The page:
Chances are, if you look under your sink, or in the basement or garage, you will find pesticides – whether they are bug sprays, mosquito repellents or flea shampoo for the dog. But did you know that there are many products in your home and your fridge that contain pesticides you weren’t even aware of?
From wallpaper, soap and toothpaste, to swimming pools and decks, pesticides and fungicides are far more prevalent than you might think. Further, pesticides can linger for generations. So even if you don’t use them, your family is regularly being exposed to pesticides.
According to the Environmental Protection Agency, 75 percent of U.S. households use at least one pesticide product in the home, and about 80 percent of most people’s exposure to pesticides occurs indoors. In fact, the agency has found measurable levels of up to a dozen pesticides in homes.
What does this mean for our health?
Pesticides emit hazardous air pollutants (HAPs) and volatile organic compounds (VOC). These pollutants can contribute to a variety of health problems, including irritation to the eyes, nose, and throat; asthma and other respiratory issues; headaches, dizziness and nausea. The EPA is particularly concerned about exposure to cyclodiene pesticides and links to long-term damage to the liver, central nervous system and increased risk of cancer.
Alarmingly, our children are the most vulnerable to exposure. Environmental health experts report that, like many toxic substances, pesticides are heavier than air and sink down to floor level. In other words, the air two feet off the ground — a small child’s breathing space — is far more polluted with these substances than the air five or six feet up.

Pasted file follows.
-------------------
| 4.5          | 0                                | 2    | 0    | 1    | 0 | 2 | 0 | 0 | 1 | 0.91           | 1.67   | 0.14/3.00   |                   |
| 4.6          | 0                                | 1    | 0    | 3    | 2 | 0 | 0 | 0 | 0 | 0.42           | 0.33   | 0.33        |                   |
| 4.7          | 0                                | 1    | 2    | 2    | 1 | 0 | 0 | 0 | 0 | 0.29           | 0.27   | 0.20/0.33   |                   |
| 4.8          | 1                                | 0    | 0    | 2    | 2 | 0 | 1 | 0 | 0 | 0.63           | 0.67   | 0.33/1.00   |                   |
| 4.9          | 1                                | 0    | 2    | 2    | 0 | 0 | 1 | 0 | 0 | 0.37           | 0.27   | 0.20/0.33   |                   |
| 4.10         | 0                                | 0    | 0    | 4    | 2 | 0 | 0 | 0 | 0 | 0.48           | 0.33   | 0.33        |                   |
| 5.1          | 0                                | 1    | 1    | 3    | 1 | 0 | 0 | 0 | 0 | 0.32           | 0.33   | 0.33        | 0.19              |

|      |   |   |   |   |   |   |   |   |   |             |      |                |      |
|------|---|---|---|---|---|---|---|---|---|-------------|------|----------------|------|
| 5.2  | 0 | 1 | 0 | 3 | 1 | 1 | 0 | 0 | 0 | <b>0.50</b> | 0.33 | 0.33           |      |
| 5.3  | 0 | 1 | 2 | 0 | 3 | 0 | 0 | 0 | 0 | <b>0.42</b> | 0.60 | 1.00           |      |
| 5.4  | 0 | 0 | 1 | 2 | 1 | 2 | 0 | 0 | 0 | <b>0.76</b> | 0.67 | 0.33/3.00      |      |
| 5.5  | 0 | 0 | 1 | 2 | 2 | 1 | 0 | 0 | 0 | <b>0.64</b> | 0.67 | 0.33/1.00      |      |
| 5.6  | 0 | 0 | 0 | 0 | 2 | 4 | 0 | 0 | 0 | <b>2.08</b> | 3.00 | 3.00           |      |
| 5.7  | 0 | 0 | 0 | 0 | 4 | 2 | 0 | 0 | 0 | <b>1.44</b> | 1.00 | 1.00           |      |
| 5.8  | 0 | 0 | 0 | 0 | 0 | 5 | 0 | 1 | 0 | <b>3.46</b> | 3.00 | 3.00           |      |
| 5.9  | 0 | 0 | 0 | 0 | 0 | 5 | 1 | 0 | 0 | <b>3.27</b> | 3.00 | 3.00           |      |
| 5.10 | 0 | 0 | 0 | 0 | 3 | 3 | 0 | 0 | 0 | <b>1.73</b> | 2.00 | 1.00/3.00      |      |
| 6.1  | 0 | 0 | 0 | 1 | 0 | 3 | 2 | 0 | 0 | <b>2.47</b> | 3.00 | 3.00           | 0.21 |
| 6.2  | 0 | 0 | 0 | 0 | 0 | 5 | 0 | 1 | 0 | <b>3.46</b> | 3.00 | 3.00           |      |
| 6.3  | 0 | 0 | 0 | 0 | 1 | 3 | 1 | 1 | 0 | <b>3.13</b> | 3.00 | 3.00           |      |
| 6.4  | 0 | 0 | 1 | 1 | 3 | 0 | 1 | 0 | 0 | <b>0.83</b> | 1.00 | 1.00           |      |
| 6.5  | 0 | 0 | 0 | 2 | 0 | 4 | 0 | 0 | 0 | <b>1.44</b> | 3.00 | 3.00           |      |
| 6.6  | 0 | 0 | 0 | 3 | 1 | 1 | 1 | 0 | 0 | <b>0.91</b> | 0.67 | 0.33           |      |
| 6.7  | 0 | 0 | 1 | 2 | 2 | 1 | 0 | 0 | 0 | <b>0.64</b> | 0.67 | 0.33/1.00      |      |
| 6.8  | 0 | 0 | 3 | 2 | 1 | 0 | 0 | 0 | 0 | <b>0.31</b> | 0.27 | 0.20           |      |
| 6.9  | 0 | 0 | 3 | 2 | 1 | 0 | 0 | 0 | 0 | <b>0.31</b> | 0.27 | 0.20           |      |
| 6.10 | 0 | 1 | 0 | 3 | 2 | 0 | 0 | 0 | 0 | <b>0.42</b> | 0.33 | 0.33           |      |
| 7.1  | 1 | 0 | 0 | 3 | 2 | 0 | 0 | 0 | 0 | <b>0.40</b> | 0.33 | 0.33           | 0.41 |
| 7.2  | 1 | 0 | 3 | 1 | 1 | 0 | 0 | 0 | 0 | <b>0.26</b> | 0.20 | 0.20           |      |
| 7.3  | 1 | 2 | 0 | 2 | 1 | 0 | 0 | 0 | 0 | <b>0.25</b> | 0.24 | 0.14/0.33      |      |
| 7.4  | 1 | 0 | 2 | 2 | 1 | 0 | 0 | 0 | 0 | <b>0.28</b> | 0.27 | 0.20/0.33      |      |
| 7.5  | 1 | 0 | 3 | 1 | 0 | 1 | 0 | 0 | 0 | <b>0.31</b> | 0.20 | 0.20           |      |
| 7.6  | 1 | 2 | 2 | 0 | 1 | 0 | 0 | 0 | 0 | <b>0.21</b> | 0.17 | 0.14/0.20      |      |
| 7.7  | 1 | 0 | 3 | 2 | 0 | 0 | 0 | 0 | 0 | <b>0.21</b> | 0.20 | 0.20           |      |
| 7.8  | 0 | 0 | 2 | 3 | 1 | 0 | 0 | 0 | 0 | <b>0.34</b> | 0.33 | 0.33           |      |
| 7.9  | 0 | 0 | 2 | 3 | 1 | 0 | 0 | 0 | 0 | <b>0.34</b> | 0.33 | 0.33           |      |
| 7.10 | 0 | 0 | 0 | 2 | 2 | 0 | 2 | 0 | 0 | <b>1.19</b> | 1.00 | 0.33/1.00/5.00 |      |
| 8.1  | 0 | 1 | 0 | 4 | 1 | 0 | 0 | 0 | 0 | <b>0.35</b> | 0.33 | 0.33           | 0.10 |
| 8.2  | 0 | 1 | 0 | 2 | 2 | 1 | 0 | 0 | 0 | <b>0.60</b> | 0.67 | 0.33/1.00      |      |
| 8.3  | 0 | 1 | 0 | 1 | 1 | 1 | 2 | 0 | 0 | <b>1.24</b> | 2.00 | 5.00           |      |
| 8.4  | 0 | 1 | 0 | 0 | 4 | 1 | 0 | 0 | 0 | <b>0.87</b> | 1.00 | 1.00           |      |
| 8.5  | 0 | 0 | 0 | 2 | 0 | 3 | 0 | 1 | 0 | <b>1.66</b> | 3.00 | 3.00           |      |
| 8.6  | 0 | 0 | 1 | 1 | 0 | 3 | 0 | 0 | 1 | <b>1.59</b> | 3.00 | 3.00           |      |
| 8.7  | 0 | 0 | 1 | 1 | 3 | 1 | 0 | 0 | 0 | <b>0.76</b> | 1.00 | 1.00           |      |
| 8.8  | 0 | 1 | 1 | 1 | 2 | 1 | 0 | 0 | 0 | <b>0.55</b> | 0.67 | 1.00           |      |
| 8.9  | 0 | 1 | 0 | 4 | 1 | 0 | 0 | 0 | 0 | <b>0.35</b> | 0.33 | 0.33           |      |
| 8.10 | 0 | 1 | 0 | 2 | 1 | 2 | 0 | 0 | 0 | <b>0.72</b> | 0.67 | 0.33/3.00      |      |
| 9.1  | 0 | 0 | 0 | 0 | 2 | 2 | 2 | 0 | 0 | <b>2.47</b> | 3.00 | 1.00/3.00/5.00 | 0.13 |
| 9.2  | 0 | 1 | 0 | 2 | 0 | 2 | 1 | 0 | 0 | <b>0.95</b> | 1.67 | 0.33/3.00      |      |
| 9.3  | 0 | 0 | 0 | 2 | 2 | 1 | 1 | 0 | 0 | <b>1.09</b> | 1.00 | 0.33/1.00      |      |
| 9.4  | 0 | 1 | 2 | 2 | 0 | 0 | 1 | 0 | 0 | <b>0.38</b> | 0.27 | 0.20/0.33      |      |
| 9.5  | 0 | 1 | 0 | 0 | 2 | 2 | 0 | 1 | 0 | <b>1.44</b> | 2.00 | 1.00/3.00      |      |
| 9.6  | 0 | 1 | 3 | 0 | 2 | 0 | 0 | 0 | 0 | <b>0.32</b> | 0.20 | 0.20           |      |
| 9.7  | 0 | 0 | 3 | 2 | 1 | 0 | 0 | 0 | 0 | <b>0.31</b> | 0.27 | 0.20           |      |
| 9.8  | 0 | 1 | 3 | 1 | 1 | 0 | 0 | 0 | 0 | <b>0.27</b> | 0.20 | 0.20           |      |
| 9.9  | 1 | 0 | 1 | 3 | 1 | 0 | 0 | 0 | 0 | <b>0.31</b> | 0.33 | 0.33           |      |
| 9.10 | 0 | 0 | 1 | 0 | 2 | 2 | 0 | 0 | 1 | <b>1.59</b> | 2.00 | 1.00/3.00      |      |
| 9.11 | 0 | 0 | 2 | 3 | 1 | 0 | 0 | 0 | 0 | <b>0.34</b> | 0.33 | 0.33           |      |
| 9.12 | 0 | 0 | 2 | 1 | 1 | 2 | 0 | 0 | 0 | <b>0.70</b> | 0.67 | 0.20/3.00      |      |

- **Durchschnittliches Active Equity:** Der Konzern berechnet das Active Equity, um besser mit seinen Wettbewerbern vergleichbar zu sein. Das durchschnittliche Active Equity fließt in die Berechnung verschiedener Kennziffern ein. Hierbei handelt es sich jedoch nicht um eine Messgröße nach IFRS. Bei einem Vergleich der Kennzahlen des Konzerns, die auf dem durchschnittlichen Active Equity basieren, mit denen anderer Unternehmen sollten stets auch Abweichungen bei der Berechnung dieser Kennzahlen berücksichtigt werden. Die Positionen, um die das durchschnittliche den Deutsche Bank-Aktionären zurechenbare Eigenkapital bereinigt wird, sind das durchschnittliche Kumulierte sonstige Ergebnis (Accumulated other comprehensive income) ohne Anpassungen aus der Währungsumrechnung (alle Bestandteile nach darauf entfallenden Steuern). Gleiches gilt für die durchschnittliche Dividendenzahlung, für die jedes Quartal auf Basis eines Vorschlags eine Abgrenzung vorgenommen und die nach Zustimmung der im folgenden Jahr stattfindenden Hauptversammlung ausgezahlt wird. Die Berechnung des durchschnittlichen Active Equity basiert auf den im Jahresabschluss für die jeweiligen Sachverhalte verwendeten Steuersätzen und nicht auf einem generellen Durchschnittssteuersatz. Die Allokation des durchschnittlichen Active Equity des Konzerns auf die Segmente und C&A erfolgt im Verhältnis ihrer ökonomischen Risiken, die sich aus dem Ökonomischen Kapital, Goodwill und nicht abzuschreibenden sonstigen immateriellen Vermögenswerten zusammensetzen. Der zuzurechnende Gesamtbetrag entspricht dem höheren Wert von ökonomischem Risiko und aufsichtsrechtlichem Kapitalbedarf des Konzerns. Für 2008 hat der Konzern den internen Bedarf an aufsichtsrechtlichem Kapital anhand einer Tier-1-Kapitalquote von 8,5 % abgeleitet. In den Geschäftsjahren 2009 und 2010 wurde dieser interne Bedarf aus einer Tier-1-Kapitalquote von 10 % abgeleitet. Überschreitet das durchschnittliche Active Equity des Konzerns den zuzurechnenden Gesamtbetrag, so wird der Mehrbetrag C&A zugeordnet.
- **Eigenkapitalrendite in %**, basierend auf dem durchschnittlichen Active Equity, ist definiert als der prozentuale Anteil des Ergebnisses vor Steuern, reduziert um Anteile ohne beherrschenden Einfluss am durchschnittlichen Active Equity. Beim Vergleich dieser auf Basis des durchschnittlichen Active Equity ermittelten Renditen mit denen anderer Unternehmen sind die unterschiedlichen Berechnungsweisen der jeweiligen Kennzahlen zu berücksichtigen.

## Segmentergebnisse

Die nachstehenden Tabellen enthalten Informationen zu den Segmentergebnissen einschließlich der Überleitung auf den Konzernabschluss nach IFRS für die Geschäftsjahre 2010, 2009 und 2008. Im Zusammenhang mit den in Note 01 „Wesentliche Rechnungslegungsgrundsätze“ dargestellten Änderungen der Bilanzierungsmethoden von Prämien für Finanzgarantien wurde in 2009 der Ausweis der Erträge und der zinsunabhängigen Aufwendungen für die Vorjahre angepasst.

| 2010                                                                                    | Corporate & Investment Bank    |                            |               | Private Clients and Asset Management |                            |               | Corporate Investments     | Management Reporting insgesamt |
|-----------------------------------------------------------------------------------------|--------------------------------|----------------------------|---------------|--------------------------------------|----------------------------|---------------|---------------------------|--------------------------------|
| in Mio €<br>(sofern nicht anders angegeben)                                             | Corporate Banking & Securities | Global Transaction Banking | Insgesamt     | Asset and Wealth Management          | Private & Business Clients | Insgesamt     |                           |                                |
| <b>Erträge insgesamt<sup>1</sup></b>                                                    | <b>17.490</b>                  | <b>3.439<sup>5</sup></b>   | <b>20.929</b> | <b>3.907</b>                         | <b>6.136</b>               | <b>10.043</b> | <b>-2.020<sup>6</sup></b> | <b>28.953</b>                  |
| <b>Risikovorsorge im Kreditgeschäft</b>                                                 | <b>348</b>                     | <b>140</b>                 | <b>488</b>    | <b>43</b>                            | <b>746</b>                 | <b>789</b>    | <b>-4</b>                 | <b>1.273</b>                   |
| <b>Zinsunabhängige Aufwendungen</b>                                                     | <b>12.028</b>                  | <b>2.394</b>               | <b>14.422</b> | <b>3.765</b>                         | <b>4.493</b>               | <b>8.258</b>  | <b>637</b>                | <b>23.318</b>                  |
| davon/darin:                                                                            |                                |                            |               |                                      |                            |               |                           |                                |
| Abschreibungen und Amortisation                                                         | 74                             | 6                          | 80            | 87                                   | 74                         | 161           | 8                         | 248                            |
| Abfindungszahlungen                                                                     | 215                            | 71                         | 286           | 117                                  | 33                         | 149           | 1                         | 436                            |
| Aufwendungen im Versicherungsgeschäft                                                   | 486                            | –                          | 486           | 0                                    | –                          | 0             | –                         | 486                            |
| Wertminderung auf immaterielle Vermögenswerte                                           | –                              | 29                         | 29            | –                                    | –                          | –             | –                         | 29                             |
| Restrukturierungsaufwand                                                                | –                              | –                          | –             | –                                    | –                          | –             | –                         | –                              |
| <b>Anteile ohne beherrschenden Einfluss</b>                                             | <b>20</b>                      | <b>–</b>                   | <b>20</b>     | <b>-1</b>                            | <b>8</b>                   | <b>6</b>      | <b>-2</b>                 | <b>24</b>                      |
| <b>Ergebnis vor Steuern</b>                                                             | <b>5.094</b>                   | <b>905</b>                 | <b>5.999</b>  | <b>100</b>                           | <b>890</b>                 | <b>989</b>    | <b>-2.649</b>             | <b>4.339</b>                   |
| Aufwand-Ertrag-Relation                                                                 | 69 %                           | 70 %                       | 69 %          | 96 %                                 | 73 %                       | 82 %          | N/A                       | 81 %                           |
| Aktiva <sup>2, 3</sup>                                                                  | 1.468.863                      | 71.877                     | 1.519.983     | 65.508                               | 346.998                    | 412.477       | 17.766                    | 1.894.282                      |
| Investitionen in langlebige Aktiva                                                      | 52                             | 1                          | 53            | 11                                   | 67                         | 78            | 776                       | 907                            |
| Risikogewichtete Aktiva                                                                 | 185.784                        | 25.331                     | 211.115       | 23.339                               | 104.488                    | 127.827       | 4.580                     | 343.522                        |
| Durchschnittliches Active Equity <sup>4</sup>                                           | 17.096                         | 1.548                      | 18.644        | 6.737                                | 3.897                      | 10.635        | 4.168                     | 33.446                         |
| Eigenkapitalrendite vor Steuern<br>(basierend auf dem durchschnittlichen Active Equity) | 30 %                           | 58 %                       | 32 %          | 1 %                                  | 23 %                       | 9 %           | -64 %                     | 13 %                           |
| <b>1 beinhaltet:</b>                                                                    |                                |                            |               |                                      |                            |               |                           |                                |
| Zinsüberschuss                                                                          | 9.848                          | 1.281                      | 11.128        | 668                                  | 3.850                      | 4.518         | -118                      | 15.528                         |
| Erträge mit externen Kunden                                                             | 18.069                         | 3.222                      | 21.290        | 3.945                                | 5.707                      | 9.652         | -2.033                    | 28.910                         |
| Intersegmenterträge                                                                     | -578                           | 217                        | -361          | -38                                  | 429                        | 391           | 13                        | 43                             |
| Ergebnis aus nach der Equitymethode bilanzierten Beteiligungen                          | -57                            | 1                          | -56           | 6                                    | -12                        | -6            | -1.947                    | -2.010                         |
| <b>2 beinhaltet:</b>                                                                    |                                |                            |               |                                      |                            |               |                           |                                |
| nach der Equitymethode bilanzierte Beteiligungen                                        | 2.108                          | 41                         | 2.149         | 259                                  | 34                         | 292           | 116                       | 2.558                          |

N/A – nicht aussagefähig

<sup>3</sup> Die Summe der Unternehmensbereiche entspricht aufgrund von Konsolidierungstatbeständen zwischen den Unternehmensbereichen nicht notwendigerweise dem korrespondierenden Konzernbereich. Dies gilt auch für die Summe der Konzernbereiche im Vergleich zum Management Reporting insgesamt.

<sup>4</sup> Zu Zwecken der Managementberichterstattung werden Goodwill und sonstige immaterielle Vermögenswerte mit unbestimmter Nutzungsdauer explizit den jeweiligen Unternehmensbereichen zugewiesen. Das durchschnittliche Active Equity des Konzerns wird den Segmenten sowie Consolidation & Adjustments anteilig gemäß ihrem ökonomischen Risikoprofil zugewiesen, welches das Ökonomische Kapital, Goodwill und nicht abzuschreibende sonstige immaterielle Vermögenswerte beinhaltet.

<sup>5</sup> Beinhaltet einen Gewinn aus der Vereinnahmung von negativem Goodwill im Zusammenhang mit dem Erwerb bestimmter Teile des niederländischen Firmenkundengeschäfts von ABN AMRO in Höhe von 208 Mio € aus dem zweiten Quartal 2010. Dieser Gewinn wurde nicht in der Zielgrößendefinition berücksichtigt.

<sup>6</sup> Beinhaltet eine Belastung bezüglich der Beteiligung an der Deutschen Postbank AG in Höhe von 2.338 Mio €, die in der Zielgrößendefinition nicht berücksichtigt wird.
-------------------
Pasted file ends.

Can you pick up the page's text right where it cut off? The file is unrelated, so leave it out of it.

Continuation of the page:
What can we do to rid our homes of pesticides?
Here are some basic steps anyone can take that can have a major impact:
Dispose of all pesticides in your home. No one likes roaches, flies or fleas. Try out some of the many chemical-free solutions to bug problems. For example, did you know that beer works wonders when it comes to getting rid of slugs in your garden or fruit flies in your kitchen?
Beware of cleaning products that contain pesticides. Most kitchen and bathroom disinfectants that are supposed to kill mold and mildew have pesticides in them. Norwex’s Blue Diamond All-in-One Bathroom Cleaner is a non-toxic alternative that will disinfect your home, while the Norwex Mold and Mildew Stain Remover eradicates any remaining stains.
Eat organic. Eating organic drastically lowers the levels of pesticides circulating in your body and rids your fridge of pesticide residue.
Encourage a new household routine of leaving shoes at the door. This way you can avoid spreading outdoor pesticides that tend to stick to the bottom of our shoes from spreading all over the house.
Read your toothpaste label. Some popular toothpastes and mouthwashes contain triclosan, an antibacterial chemical that is technically registered as a pesticide. Norwex offers toothpastes for adults and children that are safe and effective alternatives to common store brands. Plus, they are free of other toxins like parabens, sulfates, phosphates, harsh abrasives and artificial flavors or dyes. (See this blog post about France’s recent call for more research of the chemical whitening agent found in many toothpastes.)
Put your Norwex cleaning products and tools to work! One of the most effective ways to eliminate pesticides in the home is by keeping a clean house. Like many other harmful household chemicals, pesticides that are used to kill indoor bugs or that enter the home on shoes and clothes can cling to dust and become airborne. Frequent vacuuming and dusting (with the Norwex Dust Mitt!) can make the difference. Now consider pesticide residue and buildup on your floors and hard surfaces: Most pesticides are water soluble. So Norwex’s entire line of Microfiber cloths and mop pads will not only get your house sparkling but are a safe, chemical-free defense against these toxins.
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